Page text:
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: ‘It’s about A-type sales people and the executive branch’: Under the shadow of omicron, the office party has a new, exclusive vibe

Last December, Keith Willard and his party planning staff were assembling fresh flowers, bitters, dehydrated grapefruit, and ham so companies could celebrate the holidays with Zoom

events on how to make a bouquet, a tasty cocktail or a charcuterie board.

This year, the south Florida-based wedding and corporate event planner hired actors to stage a Christmas village where corporate party guests drive through and have a gift waiting for them. He’s also figuring out socially-distanced hotel ballroom seating charts and has more sanitizing gel than he knows what to do with.

Tonya Hoopes, of Hoopes Events, a Utah wedding and corporate event planner in Salt Lake City and the Park City area, had a quiet holiday season last year. Five companies sought her help getting gifts to staff. The to-do list for Hoopes’ 21 in-person parties this December includes verifying that the catering wait staff is fully vaccinated at one company party she’s orchestrating, and ensuring vendors can supply customized coffee mugs in time for another one.

In Portland, Ore., Nora Sheils has seen a jump in holiday party demand this year, as both the founder and CEO of Bridal Bliss and the co-founder of Rock Paper Coin, software for event planners and vendors. But because of labor shortages, she’s had to scrounge to find catering operations with enough staff to handle the corporate parties on her schedule.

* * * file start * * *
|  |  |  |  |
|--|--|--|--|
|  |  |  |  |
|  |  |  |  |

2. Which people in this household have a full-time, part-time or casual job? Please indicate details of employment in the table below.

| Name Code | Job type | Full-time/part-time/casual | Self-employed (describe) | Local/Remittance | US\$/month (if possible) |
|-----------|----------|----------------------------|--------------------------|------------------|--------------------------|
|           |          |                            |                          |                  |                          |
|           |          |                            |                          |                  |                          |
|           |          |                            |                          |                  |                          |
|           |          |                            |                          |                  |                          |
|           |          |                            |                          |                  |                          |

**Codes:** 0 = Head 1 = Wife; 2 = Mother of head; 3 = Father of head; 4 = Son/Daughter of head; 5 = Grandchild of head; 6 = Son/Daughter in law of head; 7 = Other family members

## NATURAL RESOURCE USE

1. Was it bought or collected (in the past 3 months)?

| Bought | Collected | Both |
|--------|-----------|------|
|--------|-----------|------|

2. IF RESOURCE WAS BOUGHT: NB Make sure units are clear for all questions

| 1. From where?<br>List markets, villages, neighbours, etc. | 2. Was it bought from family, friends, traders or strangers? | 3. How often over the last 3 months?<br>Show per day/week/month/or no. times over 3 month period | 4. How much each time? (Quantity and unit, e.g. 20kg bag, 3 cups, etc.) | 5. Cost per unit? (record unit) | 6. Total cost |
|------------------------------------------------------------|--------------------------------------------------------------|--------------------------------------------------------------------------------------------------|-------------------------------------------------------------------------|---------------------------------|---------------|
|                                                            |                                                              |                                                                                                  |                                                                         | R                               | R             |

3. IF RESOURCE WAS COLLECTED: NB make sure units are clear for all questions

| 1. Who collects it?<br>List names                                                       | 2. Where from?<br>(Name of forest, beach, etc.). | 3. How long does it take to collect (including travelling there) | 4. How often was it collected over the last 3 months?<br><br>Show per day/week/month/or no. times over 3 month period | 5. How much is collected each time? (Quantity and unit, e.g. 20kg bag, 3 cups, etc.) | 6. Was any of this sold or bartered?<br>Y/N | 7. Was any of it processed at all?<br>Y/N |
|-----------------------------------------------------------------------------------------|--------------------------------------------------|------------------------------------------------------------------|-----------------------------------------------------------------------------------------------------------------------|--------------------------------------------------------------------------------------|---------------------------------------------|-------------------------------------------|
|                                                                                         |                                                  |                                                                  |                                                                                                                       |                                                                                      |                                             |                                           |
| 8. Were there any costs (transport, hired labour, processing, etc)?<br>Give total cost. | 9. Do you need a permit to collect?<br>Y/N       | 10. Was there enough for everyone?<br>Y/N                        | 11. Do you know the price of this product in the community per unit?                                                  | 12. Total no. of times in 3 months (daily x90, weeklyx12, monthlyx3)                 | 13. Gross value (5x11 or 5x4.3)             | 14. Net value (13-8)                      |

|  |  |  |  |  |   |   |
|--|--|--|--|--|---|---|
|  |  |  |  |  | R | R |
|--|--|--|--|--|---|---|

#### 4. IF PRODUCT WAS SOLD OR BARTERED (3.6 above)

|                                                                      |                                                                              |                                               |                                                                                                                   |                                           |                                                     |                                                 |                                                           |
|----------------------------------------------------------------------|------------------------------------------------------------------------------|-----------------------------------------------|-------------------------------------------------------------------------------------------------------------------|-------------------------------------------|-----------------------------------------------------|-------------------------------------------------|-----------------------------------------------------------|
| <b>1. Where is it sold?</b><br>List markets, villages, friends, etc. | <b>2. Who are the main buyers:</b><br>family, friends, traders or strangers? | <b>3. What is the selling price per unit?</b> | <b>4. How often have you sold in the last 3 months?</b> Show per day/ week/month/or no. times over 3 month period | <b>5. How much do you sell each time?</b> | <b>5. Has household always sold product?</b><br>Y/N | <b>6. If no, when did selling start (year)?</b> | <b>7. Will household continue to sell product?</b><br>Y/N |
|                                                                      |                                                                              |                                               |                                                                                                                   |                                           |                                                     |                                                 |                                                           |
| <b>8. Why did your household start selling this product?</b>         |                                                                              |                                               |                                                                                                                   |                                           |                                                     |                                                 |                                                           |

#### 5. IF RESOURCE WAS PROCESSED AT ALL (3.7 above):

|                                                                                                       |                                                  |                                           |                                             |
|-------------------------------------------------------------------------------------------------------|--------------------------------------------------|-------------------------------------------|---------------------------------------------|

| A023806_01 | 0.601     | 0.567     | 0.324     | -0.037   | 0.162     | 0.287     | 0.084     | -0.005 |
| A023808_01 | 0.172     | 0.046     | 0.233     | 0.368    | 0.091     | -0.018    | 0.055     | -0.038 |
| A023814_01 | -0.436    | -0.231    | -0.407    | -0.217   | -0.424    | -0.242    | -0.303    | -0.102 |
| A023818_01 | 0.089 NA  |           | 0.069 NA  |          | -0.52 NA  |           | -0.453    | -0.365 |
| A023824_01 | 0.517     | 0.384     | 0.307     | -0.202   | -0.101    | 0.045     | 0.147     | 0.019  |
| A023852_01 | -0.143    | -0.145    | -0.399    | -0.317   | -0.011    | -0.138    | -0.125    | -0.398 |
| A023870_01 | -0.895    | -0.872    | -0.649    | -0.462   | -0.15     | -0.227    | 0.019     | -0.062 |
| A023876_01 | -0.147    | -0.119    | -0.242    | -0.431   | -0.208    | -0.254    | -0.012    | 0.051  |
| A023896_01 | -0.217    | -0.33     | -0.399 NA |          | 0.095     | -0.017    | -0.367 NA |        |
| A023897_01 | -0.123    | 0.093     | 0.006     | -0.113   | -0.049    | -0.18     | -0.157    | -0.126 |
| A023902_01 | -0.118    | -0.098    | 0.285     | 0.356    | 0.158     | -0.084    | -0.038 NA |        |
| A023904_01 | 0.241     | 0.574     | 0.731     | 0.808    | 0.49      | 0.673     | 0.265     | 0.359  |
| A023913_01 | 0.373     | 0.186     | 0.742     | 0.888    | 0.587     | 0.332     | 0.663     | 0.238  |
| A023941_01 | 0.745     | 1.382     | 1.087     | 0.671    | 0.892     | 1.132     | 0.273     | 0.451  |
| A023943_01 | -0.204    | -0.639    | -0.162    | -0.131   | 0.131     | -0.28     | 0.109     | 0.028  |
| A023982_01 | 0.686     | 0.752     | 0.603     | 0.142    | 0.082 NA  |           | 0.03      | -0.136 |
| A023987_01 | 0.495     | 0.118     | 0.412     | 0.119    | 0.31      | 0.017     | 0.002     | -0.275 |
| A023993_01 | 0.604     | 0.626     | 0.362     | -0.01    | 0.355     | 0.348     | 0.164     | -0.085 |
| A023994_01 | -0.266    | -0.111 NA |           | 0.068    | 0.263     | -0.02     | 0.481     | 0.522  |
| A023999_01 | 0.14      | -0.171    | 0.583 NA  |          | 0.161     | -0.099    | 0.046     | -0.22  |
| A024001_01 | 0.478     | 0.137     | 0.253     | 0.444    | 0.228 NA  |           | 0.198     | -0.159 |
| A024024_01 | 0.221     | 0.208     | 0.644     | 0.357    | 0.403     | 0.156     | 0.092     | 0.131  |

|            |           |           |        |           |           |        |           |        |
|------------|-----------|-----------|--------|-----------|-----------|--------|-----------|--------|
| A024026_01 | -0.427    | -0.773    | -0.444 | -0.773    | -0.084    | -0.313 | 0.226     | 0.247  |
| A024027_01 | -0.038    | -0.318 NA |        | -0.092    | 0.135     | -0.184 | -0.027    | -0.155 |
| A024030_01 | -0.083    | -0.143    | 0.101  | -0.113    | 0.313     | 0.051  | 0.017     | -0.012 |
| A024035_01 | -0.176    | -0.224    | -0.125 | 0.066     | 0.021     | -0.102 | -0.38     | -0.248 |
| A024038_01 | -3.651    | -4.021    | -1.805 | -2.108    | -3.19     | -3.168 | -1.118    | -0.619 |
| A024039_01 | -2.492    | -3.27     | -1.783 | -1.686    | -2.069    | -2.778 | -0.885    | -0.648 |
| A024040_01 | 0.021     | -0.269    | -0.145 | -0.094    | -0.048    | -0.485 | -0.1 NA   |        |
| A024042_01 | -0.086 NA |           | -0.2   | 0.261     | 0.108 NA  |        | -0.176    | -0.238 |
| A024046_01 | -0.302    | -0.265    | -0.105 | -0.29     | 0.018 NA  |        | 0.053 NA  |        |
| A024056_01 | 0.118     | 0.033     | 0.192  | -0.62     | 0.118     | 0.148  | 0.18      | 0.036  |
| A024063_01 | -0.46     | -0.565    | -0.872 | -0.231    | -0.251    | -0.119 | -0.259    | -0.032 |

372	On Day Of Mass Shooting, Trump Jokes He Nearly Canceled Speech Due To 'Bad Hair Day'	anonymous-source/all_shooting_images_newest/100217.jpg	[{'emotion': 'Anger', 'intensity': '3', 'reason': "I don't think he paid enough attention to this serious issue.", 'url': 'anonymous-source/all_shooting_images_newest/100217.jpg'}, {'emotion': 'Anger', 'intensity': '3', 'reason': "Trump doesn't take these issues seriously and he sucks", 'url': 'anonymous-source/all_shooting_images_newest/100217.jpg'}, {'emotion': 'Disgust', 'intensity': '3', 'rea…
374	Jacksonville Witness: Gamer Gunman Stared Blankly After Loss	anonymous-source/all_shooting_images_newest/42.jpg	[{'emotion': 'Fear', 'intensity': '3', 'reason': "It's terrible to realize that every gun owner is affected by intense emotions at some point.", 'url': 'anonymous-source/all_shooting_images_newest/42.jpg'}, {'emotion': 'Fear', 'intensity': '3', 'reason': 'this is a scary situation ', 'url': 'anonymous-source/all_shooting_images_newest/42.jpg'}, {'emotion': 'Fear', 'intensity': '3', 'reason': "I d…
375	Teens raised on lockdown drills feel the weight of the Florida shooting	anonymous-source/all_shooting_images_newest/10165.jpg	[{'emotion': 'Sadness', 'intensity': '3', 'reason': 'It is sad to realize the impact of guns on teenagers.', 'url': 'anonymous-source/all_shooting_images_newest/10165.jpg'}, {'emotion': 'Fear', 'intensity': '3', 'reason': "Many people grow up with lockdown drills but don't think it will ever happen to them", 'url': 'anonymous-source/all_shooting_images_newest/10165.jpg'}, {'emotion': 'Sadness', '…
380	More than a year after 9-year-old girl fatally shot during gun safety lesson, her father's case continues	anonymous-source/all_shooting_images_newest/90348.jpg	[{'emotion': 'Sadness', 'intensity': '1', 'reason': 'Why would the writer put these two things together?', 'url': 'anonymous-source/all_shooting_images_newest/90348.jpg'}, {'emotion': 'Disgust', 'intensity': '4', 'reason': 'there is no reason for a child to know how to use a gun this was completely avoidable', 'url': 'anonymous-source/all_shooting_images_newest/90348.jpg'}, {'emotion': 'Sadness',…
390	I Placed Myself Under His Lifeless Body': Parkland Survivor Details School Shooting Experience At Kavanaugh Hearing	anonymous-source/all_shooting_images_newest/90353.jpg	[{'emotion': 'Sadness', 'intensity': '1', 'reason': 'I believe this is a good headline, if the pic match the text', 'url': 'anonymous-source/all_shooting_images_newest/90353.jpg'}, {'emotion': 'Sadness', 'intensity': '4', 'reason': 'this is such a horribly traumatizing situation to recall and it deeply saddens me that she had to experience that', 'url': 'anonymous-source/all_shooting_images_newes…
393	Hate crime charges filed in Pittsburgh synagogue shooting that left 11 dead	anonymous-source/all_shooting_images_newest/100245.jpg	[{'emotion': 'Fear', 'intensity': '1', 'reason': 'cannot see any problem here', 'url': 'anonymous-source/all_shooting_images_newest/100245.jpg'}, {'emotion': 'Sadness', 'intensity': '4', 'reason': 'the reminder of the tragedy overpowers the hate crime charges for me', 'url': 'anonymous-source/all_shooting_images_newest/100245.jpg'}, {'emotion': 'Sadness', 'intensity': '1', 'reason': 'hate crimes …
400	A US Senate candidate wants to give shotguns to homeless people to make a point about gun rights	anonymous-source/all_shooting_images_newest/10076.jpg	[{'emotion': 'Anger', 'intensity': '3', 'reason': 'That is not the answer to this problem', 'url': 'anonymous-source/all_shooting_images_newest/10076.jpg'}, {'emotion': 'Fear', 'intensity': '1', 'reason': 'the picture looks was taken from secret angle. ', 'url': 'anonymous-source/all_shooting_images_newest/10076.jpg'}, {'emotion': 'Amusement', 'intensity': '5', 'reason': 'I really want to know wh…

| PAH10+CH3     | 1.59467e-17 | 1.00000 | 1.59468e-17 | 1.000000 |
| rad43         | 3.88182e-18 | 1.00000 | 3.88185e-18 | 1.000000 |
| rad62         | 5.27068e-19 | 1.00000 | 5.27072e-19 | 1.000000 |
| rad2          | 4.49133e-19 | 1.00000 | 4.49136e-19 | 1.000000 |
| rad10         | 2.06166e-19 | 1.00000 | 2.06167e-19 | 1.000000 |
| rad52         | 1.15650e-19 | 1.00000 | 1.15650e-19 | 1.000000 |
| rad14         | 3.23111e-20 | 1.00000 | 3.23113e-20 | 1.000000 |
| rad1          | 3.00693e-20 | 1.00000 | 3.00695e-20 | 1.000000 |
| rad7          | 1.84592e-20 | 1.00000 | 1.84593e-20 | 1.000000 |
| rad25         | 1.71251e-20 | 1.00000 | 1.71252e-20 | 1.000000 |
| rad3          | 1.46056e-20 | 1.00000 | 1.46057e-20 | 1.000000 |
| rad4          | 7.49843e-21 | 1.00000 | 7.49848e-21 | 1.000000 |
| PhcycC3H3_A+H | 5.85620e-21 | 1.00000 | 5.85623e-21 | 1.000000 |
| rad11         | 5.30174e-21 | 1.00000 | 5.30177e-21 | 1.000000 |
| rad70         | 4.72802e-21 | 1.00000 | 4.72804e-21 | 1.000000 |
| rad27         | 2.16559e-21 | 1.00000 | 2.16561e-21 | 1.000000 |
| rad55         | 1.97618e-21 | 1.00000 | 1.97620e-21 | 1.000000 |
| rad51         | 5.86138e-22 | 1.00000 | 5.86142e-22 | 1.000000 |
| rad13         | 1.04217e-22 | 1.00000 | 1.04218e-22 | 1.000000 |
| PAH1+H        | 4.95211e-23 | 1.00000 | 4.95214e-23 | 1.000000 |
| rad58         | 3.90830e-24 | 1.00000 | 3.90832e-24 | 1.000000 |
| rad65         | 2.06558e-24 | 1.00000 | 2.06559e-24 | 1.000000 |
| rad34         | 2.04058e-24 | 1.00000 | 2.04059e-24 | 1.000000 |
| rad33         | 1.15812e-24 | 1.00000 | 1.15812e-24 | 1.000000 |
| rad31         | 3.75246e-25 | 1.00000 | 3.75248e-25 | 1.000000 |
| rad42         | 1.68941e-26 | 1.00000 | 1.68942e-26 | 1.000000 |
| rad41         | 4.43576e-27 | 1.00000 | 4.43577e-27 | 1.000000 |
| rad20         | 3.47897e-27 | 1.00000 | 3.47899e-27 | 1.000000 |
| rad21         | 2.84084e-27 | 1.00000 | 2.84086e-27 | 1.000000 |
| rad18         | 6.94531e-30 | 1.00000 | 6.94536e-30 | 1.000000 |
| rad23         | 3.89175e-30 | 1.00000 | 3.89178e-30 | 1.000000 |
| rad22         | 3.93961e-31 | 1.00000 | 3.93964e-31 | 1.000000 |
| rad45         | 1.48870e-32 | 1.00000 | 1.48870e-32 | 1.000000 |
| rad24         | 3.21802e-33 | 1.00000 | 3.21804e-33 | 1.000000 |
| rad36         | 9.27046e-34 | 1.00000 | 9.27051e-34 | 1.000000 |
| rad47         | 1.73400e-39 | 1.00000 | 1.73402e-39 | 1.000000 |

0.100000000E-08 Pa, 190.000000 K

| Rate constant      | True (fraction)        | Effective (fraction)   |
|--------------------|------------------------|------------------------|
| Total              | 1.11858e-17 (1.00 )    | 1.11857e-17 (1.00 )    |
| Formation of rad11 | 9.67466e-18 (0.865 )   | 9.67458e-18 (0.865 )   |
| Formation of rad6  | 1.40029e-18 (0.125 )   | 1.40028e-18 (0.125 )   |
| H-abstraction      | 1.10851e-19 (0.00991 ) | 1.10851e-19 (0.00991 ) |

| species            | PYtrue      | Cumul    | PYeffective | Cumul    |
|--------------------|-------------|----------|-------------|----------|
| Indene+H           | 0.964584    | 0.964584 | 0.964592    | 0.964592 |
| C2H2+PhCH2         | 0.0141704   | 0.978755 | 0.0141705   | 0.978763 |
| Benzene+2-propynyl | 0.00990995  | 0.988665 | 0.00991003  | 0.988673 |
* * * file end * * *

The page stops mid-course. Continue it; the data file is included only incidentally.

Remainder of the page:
On the flip side, Sheils also has to arrange the distribution of swanky gifts, including one tech company that’s giving out $150 bottles of Pinot Noir to 100 employees at its holiday party. She views these gestures as a genuine “thank you” from companies to employees, but also as an enticement for workers to stay as millions have quit their jobs.

This holiday season, the in-person company office party is returning — and it’s a food-and-drink encapsulation of today’s uneven economic recovery. These events are all over the map in how they look and feel, reflecting the wide array of return-to-office policies as the country re-opens and grapples with the effects of the delta variant and the emerging omicron variant.

The corporate party “is back, I would say, in a smaller, more intimate form,” said Hoopes.

“The corporate party ‘is back, I would say, in a smaller, more intimate form.’”

— Tonya Hoopes of Hoopes Events

“In 2019, it was about being inclusive of the entire staff,” said Willard, of Keith Willard Events. “In 2021, it’s about A-type sales people and the executive branch.”
Companies are well aware of that dynamic and want to get back one day to the 2019 version, he said. But for now, the businesses he’s working with want to make an event for the people who want to be there.

“You want to keep the troops happy. It’s a reward for people working hard all year. What that is for people is very different now,” he said.

Forty percent of companies said they were planning holiday parties this season, according to a recent poll of more than 400 employers by Seyfarth at Work, a human resources consulting firm. That’s up from 6% in 2020, but down from 75% in 2019, the survey noted. The firm, a subsidiary of the law firm Seyfarth Shaw, noted the survey concluded Dec. 1, in omicron’s very earliest days.

The party planners MarketWatch interviewed are sometimes working parties with rules and restrictions, like requiring masks except when eating or drinking and smaller guest lists. But other parties do resemble a pre-pandemic event without ground rules.

One example of the range: Hoopes and Sheils do not have any parties with vaccination proof requirements for guests, but Willard has plenty that require vaccine proof — including a recent 50-guest yacht party. Willard has a stack of COVID-19 test kits at his house and he’s struck a business relationship with a vendor that can do on-site testing.